The European Commission said on September 29 that it was sending Bulgaria reasoned opinions, the second stage of infringement proceedings, asking Sofia to comply with EU regulations concerning water pollution caused by nitrates and the implementation of cost reduction rules that will help deploy more broadband.
Regarding nitrates water pollution, the EC opened the infringement proceeding against Bulgaria in March 2014, after identifying a number of shortcomings in the country’s Nitrates Action Programme, as required under the EU rules on nitrates.
“Although Bulgaria has now addressed a number of issues following the modification of the Nitrates Action Programme in June 2016, the country still fails to comply with key provisions, such as the land application of fertilisers and the usage limit of 170 kg N/ha/year for livestock manure,” the Commission said.
On broadband cost reduction rules, Bulgaria was one 19 member states to receive a reasoned opinion, which comes on the heels of a letter of formal notice sent to member states in March 2016, asking them to transpose Directive 2014/61/EU.
Cost reduction rules support the strategic connectivity objectives that the European Commission has recently proposed as part of its efforts to create a digital single market. The Commission’s proposal envisions that by 2025, all main socio-economic drivers – schools, universities, research centres, transport hubs, all providers of public services such as hospitals and administrations, and enterprises relying on digital technologies – should have access to extremely high connectivity, allowing users to download/upload 1 gigabit of data per second. As an interim target, 5G should be commercially available in at least one major city in each EU member state by 2020.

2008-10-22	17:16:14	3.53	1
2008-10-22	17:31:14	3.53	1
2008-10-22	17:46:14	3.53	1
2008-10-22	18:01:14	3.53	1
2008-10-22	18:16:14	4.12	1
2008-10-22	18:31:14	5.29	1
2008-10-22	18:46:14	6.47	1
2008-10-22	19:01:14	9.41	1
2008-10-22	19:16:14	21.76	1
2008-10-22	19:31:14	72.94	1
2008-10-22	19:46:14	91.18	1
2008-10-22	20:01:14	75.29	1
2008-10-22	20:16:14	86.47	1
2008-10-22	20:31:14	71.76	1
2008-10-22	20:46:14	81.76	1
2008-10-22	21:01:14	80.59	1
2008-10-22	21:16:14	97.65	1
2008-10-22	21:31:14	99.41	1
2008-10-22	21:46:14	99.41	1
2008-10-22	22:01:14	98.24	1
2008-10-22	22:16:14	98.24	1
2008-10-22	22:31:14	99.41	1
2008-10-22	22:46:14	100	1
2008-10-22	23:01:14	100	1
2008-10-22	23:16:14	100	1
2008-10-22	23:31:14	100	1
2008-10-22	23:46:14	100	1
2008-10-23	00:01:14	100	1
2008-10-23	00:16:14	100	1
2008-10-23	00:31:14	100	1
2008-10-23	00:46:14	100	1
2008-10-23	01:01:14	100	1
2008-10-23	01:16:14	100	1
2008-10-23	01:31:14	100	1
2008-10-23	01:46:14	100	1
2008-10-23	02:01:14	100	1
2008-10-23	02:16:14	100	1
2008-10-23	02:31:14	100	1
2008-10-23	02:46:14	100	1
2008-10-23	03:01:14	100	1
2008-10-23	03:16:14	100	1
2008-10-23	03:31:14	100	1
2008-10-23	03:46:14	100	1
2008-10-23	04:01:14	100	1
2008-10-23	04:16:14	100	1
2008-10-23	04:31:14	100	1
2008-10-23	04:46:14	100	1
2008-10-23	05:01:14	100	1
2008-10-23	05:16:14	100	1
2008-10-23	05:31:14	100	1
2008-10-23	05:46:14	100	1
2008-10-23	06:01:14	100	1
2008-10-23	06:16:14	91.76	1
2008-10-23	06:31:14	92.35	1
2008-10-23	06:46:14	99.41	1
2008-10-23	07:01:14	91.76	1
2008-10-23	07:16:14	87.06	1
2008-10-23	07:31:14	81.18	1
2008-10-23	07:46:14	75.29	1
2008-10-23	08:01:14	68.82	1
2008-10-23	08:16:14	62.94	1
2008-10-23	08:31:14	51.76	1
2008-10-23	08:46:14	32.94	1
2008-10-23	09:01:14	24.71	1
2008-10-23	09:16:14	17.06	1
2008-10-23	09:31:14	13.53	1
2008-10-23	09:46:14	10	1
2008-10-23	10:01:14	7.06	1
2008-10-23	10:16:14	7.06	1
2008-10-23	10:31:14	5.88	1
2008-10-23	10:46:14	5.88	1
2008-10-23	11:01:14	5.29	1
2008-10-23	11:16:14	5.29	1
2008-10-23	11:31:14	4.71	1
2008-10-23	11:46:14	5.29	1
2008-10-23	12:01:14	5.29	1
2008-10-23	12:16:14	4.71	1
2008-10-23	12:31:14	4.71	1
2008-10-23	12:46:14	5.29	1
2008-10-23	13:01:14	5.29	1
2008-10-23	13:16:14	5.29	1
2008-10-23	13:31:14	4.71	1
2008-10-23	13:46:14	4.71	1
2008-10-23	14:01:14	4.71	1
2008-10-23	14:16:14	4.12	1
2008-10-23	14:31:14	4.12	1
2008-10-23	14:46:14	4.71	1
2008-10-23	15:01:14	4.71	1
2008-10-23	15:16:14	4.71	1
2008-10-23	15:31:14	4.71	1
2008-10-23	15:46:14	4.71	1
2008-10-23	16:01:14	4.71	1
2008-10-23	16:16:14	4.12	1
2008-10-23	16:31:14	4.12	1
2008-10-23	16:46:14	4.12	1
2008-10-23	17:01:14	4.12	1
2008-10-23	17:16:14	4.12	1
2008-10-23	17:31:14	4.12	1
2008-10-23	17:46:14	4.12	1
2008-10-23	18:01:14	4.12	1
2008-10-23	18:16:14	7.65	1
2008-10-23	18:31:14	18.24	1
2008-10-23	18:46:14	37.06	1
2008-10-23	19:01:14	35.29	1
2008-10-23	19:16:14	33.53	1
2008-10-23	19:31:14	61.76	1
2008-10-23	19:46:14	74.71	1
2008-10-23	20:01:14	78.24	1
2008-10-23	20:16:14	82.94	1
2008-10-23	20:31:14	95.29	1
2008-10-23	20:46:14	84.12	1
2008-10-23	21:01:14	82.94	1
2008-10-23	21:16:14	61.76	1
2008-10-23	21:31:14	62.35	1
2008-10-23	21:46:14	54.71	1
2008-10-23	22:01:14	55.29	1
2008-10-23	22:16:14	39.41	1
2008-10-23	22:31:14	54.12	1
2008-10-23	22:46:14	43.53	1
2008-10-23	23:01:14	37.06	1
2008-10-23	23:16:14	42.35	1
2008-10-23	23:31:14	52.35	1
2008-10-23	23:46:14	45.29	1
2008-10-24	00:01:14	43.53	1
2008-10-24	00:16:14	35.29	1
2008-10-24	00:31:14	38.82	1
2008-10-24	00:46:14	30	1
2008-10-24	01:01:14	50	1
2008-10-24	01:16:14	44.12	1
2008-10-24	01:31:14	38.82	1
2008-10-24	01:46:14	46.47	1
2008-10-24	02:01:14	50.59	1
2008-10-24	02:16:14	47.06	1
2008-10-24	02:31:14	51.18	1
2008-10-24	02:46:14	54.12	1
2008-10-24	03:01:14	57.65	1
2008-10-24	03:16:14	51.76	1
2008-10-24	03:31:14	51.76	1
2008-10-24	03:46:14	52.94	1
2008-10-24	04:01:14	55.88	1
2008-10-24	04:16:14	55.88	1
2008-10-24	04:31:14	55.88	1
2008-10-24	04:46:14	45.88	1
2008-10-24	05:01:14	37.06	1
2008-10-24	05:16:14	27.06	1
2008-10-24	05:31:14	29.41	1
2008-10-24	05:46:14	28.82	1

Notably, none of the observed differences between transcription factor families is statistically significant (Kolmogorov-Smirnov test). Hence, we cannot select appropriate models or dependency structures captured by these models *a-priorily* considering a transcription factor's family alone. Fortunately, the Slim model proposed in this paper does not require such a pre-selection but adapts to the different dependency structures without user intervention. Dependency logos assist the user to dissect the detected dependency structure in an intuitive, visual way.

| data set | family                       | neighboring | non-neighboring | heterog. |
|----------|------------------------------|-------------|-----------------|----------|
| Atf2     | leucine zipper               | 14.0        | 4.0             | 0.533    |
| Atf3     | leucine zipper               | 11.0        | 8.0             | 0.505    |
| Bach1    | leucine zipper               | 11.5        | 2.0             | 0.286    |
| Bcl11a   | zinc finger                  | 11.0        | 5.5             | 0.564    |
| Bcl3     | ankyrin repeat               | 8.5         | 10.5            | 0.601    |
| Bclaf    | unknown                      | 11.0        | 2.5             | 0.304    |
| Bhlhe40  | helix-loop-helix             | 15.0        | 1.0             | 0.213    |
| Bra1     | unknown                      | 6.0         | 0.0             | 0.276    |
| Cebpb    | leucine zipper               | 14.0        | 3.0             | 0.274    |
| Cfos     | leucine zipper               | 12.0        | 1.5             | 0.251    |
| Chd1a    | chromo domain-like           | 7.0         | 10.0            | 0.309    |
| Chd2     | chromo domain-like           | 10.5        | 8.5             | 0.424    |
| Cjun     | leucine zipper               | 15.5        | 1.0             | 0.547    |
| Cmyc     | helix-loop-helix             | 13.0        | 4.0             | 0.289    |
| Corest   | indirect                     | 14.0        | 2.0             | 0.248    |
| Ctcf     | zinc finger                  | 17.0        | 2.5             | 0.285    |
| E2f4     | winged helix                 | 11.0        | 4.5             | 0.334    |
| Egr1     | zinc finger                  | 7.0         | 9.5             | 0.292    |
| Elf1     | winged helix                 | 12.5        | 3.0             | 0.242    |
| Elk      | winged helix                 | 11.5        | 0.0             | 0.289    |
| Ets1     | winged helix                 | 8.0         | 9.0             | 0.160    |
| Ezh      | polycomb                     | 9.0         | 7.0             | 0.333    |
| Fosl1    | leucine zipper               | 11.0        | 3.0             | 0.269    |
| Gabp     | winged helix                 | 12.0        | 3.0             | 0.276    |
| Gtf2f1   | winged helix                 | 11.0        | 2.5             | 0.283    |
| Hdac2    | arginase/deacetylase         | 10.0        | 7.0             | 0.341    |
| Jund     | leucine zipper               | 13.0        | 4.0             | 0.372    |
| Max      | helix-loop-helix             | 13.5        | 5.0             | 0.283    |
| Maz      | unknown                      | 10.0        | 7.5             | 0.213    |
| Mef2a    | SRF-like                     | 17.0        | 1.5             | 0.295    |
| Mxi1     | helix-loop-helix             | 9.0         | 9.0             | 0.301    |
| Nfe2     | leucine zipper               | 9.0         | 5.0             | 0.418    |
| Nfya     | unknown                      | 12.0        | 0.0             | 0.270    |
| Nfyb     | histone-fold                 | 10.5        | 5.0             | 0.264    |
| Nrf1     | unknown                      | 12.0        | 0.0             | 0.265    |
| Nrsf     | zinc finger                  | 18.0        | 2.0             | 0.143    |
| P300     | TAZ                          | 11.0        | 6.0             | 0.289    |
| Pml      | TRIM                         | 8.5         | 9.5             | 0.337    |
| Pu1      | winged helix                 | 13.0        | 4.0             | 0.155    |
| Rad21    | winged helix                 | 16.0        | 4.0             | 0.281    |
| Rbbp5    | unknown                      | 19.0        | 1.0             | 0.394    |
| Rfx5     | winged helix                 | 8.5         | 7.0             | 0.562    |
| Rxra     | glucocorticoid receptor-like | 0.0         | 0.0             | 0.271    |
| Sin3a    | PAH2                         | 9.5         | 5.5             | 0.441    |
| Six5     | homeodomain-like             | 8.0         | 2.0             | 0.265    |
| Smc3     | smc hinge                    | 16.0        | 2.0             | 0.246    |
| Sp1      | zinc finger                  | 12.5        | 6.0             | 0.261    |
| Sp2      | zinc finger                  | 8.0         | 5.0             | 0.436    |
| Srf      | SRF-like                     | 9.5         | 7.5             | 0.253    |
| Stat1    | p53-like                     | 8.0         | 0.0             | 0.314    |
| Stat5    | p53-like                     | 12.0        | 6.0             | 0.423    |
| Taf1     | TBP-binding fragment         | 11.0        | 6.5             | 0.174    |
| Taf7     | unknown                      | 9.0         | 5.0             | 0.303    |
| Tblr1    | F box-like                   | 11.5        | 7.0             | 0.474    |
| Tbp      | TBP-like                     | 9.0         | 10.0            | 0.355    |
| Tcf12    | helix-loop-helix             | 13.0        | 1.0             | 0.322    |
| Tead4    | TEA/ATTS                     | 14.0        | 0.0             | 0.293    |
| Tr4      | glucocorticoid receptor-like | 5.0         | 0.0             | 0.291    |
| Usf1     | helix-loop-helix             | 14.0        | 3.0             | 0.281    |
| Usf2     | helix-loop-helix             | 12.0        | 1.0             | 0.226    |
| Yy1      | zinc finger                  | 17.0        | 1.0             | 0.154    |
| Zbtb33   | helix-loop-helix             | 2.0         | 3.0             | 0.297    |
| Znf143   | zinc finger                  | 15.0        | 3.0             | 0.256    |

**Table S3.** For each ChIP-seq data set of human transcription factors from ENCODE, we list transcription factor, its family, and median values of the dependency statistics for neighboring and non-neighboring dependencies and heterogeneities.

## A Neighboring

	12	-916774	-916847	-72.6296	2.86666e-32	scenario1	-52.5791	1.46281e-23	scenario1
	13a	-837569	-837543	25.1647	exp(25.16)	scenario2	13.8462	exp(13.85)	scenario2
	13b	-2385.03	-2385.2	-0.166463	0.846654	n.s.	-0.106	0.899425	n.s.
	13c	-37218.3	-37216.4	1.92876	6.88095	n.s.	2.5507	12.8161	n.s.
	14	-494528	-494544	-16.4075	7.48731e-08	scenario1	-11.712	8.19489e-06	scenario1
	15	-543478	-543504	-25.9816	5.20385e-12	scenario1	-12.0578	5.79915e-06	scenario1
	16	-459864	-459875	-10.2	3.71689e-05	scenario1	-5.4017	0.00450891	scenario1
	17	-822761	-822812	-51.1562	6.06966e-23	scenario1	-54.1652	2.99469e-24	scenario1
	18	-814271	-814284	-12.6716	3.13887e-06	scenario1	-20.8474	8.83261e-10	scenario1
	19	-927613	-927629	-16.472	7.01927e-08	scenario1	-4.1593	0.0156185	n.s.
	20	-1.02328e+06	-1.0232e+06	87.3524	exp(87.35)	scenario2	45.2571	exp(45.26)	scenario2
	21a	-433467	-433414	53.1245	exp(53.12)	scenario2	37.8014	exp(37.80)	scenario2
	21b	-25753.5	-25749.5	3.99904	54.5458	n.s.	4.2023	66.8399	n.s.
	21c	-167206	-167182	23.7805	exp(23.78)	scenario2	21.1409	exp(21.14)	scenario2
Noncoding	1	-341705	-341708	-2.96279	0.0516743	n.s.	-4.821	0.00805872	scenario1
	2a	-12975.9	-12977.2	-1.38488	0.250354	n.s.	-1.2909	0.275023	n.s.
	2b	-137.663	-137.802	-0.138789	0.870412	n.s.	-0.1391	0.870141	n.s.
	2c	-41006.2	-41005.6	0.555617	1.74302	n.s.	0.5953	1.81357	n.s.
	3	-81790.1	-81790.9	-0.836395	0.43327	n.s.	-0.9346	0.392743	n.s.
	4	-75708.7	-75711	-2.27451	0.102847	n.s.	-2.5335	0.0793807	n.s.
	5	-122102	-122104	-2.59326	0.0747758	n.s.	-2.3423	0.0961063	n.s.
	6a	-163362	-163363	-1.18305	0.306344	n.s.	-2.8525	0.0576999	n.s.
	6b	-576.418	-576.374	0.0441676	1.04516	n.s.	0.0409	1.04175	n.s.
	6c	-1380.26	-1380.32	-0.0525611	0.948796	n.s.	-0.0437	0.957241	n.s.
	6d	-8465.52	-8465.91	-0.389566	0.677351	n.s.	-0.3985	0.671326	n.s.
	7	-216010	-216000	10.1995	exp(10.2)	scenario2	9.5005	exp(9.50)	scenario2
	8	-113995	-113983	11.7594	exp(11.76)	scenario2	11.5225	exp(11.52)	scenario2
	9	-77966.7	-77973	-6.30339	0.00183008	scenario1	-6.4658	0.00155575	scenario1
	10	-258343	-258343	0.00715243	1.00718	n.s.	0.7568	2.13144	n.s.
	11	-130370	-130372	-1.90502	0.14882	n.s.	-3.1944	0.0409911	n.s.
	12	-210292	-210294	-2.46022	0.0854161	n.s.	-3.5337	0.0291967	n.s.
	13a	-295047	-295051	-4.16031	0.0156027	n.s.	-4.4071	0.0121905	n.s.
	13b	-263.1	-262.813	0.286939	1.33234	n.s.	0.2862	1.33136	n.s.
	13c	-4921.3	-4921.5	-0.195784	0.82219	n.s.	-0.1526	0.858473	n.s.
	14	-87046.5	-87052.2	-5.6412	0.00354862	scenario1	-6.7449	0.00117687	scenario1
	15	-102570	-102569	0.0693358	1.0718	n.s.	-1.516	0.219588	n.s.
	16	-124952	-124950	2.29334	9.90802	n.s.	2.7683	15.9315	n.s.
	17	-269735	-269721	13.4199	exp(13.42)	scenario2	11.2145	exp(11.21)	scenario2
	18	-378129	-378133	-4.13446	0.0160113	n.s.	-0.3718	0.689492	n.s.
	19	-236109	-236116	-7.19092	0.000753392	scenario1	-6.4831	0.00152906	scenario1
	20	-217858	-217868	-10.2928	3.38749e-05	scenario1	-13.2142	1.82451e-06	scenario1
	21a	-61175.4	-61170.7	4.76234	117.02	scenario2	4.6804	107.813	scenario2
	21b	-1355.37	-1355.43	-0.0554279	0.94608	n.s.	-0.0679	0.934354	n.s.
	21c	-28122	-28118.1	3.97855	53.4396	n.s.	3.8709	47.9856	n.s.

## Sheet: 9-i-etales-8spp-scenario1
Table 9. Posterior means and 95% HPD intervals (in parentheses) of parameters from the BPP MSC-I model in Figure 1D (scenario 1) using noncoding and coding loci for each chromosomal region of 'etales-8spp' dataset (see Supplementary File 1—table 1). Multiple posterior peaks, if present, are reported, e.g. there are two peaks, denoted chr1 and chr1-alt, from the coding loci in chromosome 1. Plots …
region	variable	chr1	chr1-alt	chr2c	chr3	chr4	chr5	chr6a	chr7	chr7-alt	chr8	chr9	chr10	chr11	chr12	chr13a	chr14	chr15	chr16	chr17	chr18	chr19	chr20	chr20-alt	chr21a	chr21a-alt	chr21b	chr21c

Should Bulgaria fail to comply with the reason opinions within two months, the Commission can refer the country to the European Court of Justice.
(European Commission headquarters Berlaymont building photo: JLogan)